Just read Bidisha’s funny, sharp post on Literary Women and Literary Prizes. I know there’ve been a few women with something to say on this sad topic lately, but this piece is one of the best, and one of the more interesting things about it is that it’s a little like reading old-school feminist critique from the 1970s about the ways that women internalise the misogyny that is all around us and replicate and participate in it without even thinking about it.  I don’t mean that as a criticism at all: the critique is still valid, horribly so, given all the years that have passed. We like to think that we’ve moved beyond the need for all that, but Bidisha’s accounting demonstrates that we haven’t. If you read her other, very upsetting, post titled “On Despair” you’ll see what she’s getting at: a day to day accounting of the minutiae of who gets to speak and who gets spoken about on a daily English mainstream radio culture program. It’s men talking about men, all the time. The women are now the ones producing the shows and running everything behind the scenes – but they still don’t get to speak.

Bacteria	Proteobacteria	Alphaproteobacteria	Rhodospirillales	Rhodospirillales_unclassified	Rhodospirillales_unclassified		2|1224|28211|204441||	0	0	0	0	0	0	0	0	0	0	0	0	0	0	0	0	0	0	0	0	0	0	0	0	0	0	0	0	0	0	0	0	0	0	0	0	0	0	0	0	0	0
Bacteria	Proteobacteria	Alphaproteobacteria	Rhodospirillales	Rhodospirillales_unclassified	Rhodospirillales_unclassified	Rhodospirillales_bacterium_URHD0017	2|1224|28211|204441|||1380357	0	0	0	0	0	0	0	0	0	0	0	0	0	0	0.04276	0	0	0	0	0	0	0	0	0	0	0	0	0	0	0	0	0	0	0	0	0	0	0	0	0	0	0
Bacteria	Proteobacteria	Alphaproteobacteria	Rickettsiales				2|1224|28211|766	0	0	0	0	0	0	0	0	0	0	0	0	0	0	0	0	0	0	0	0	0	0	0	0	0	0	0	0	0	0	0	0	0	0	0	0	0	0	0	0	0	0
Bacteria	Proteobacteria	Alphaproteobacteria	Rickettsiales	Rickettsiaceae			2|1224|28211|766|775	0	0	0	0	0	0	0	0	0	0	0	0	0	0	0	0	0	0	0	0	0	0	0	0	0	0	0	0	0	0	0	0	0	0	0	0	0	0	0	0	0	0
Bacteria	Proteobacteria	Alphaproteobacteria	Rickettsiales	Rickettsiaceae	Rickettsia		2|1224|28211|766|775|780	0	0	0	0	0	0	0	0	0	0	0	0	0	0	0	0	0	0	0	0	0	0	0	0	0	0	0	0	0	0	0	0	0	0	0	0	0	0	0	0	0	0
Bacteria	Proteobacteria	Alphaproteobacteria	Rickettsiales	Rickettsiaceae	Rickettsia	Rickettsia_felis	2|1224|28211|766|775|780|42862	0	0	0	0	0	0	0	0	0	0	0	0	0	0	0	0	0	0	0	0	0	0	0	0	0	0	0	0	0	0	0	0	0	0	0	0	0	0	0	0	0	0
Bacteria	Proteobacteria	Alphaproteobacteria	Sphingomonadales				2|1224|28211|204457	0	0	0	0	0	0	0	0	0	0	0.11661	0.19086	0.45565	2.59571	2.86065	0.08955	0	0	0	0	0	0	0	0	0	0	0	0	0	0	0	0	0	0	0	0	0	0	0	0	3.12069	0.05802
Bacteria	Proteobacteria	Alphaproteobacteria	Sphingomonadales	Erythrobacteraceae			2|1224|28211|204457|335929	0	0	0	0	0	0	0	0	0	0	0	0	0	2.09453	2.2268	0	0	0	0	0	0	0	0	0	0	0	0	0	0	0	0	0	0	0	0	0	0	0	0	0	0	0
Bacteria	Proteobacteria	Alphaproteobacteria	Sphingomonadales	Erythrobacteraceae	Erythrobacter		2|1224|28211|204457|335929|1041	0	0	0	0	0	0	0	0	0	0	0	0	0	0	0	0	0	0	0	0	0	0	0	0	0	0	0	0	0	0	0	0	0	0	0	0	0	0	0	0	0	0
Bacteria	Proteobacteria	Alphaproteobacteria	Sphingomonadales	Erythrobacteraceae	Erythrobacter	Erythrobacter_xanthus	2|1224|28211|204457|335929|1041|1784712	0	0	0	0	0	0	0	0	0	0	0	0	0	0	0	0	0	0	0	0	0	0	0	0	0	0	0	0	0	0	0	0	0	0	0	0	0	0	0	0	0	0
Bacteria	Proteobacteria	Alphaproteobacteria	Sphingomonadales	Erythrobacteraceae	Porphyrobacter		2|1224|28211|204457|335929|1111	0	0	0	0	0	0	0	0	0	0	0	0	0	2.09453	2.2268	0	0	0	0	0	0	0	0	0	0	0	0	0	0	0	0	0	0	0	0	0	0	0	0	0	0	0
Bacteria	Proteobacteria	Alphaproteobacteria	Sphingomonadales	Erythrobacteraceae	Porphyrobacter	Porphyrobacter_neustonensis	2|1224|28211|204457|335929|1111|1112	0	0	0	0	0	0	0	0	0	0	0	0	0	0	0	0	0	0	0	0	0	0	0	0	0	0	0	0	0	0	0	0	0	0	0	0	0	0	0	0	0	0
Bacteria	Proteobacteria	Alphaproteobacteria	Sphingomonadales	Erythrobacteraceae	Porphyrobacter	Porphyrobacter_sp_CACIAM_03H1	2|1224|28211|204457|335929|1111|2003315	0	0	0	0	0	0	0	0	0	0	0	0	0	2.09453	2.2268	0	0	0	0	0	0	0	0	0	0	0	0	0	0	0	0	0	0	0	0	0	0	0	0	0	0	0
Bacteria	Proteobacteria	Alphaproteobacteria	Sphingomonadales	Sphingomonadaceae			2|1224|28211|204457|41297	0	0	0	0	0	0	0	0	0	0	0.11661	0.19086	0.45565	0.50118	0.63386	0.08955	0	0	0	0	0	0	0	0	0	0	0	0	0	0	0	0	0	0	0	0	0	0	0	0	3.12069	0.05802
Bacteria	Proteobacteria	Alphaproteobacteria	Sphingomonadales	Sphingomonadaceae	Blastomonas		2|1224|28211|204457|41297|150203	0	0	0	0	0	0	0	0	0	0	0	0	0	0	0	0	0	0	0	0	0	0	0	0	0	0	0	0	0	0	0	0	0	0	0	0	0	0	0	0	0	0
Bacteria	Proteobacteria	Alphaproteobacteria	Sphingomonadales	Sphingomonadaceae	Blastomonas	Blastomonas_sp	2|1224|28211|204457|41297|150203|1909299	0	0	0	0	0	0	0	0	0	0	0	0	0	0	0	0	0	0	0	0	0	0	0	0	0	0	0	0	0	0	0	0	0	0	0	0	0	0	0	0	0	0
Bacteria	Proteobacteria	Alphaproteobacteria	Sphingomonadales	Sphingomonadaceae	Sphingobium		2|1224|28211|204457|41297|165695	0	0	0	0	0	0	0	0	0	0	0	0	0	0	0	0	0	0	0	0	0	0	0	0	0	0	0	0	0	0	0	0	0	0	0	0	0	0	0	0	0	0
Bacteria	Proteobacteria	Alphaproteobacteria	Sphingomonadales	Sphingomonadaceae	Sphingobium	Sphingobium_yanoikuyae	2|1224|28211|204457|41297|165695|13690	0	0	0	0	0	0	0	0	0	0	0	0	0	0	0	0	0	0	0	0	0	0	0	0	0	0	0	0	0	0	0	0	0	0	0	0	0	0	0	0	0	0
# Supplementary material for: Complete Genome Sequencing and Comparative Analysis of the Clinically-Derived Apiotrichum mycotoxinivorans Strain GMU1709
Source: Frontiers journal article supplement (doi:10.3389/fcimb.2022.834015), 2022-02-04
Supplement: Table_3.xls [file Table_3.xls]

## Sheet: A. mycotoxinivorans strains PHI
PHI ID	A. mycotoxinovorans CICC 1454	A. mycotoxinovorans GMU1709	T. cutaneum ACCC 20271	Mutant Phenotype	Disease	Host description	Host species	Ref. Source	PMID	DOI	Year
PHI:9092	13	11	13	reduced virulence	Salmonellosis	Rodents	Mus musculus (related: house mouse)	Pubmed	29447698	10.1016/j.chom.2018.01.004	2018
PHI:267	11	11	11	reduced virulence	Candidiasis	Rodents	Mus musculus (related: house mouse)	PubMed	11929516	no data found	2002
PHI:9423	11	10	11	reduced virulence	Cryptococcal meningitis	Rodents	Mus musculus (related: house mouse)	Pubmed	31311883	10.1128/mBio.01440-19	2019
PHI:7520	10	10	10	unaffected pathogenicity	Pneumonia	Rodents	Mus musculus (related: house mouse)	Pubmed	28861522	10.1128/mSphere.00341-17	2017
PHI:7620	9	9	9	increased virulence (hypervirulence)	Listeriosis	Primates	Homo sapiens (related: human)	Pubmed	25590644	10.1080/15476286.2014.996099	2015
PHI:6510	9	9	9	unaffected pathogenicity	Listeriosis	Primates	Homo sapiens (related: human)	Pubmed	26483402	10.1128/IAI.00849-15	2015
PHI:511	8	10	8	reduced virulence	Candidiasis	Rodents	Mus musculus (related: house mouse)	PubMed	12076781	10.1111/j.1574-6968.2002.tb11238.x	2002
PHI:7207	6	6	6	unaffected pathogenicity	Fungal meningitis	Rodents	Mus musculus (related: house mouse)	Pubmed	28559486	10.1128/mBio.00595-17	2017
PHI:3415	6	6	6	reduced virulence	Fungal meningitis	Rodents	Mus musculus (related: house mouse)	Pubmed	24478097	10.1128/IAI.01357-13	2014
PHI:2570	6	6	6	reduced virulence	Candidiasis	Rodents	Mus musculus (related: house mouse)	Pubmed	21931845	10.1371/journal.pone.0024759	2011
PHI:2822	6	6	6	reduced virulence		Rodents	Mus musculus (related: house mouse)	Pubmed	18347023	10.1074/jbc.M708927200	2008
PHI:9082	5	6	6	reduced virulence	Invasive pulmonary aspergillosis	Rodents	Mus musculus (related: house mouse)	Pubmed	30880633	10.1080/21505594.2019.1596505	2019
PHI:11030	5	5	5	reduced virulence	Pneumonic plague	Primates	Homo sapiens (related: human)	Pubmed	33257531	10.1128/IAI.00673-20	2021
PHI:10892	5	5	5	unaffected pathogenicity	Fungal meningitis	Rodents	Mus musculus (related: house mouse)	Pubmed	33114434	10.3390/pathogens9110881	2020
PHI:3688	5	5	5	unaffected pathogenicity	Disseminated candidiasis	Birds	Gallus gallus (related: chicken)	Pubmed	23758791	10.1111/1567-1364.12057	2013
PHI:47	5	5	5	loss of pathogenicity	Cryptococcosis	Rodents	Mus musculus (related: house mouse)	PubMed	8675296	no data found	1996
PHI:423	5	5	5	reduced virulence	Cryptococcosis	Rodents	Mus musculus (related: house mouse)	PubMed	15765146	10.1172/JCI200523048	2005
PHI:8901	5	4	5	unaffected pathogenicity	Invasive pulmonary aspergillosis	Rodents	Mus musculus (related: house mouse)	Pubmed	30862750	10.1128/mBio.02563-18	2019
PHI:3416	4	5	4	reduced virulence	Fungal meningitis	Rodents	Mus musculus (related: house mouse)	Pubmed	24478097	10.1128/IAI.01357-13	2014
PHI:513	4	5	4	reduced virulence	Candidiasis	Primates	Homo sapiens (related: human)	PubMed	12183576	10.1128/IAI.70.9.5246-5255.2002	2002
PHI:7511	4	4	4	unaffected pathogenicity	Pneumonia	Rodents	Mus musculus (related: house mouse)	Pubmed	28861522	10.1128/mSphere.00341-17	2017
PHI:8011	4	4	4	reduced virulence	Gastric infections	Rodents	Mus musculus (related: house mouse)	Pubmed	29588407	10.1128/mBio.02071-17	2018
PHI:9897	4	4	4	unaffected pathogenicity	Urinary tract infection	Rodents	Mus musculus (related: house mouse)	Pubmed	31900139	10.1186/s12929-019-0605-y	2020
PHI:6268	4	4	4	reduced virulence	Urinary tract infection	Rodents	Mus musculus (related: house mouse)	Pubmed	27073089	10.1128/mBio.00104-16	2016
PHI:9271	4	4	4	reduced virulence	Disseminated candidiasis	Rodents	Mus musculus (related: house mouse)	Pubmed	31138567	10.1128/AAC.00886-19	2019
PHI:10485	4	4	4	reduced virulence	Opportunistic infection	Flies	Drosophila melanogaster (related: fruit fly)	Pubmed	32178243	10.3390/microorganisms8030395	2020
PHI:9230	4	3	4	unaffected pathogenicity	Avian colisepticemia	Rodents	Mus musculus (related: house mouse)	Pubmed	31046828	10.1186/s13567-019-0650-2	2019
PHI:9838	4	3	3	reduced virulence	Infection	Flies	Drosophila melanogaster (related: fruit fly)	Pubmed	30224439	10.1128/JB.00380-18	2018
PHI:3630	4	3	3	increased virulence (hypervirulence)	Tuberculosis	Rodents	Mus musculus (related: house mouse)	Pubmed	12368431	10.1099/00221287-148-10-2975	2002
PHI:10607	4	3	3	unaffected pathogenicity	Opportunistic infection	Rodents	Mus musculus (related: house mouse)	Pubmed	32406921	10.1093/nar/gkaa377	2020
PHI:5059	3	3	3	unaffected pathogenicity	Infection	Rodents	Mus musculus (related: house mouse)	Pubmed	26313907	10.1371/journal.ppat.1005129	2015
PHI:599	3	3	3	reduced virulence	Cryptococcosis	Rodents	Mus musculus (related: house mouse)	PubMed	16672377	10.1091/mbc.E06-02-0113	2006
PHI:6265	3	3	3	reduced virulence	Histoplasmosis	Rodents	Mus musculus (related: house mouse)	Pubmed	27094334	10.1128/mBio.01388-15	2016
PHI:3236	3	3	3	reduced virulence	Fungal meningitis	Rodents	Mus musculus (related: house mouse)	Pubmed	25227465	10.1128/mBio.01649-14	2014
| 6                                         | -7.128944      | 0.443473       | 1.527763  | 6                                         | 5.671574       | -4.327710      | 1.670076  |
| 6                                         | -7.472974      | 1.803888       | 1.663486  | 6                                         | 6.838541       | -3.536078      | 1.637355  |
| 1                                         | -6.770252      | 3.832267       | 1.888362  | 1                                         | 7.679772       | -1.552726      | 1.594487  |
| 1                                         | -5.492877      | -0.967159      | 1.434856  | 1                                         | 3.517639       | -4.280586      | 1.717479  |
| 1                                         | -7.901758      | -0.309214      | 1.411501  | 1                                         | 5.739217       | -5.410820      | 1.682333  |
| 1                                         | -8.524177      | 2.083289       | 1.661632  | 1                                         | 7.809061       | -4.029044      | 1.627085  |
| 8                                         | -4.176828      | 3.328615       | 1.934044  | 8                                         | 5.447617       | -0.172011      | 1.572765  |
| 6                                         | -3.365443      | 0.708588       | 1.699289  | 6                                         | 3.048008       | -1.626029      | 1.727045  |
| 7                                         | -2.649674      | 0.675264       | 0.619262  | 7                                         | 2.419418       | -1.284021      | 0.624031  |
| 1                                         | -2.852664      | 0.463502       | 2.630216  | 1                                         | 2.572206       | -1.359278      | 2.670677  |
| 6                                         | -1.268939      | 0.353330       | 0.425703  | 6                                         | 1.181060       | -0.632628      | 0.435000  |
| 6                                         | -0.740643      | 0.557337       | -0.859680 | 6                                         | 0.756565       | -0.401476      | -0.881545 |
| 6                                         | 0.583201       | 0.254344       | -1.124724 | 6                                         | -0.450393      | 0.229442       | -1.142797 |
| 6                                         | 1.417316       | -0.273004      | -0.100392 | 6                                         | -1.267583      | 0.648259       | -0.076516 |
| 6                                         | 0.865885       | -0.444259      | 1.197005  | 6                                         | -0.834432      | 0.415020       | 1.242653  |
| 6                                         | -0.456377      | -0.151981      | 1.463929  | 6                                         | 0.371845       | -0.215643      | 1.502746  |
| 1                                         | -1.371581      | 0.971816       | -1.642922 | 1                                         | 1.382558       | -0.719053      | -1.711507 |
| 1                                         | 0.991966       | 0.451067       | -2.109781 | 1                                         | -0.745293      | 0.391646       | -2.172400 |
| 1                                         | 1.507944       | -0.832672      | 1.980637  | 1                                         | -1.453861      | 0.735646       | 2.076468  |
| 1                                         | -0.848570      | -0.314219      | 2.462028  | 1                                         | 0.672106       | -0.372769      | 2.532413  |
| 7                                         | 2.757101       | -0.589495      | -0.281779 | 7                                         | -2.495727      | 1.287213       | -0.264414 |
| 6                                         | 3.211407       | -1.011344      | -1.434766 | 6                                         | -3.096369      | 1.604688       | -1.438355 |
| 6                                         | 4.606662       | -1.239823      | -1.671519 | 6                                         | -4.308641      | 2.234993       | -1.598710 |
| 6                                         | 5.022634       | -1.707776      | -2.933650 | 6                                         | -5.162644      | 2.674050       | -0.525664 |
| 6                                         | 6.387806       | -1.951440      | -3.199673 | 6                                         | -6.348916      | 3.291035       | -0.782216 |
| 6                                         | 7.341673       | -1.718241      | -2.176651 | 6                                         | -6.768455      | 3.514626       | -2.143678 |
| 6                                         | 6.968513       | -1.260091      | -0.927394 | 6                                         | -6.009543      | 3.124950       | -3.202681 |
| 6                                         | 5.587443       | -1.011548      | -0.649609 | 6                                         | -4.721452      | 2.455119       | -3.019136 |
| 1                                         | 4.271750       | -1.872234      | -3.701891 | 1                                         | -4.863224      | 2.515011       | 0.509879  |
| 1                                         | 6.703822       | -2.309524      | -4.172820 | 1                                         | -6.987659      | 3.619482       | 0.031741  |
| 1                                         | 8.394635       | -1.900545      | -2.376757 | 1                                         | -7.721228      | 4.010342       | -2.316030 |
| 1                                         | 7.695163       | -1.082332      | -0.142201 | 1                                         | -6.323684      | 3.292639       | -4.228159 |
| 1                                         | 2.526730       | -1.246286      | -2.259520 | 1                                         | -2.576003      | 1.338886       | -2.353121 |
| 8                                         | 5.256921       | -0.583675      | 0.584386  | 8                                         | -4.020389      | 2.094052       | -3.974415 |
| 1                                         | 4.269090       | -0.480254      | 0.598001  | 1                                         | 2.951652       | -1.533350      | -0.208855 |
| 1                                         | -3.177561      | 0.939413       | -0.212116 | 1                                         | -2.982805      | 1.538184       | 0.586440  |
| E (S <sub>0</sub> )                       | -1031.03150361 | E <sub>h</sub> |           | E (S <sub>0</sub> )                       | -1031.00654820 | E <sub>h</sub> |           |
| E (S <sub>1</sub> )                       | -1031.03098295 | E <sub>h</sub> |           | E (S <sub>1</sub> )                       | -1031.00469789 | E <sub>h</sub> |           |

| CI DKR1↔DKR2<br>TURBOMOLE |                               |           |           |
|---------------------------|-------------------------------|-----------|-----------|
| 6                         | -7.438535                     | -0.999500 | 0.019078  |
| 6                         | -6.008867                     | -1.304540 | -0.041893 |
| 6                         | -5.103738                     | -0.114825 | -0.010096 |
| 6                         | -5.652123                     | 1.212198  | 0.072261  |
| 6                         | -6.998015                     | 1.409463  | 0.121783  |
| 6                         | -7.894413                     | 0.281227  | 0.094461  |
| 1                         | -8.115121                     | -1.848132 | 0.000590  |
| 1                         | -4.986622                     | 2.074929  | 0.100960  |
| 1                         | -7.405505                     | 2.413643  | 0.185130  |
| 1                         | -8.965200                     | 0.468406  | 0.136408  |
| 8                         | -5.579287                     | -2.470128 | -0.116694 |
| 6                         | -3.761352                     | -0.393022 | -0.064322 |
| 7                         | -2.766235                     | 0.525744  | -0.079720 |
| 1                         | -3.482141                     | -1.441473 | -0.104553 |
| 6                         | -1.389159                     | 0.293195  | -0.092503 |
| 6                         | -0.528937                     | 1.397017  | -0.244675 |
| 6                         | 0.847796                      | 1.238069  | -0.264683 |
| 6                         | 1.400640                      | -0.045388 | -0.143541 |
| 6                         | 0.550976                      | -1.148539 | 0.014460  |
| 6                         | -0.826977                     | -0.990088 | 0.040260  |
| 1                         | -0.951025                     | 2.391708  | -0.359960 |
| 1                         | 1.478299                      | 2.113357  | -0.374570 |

Read together, I take both pieces as a challenge. As a novelist I do what I do (write books, put them out there, hope someone will read them), and as a reader I support the work of other women writers by reading it, because I frequently prefer it, but I have to ask myself, is that enough? I’m not the raging ego kind of writer, forever obsessed with my status in the pack (it’s a game that you can’t win and will drive you mad), but now I have to wonder, is this the kind of feminine modesty that’s helping to keep us all down? I always think it sounds like special pleading if you say “I don’t get shortlisted for prizes because there is a cultural bias against books by women.” It’s all too easy for someone to shoot you down and say it’s actually because your books aren’t very good, and there’s always that little voice in the back of your head saying, well it’s true,they aren’t that good, and when I do write a really good book, surely the culture will reward me for it. Bidisha’s point, unfortuantely, is that no, the culture probably won’t. So I have to ask myself,  should I be doing more, fighting more? I suspect that the answer is yes, because as Bidisha suggests, the more of us who do it, the less isolated the brave ones will feel, and it will benefit everyone – yes, even men – in the long run, by making our culture more robust.  It’s something to think about.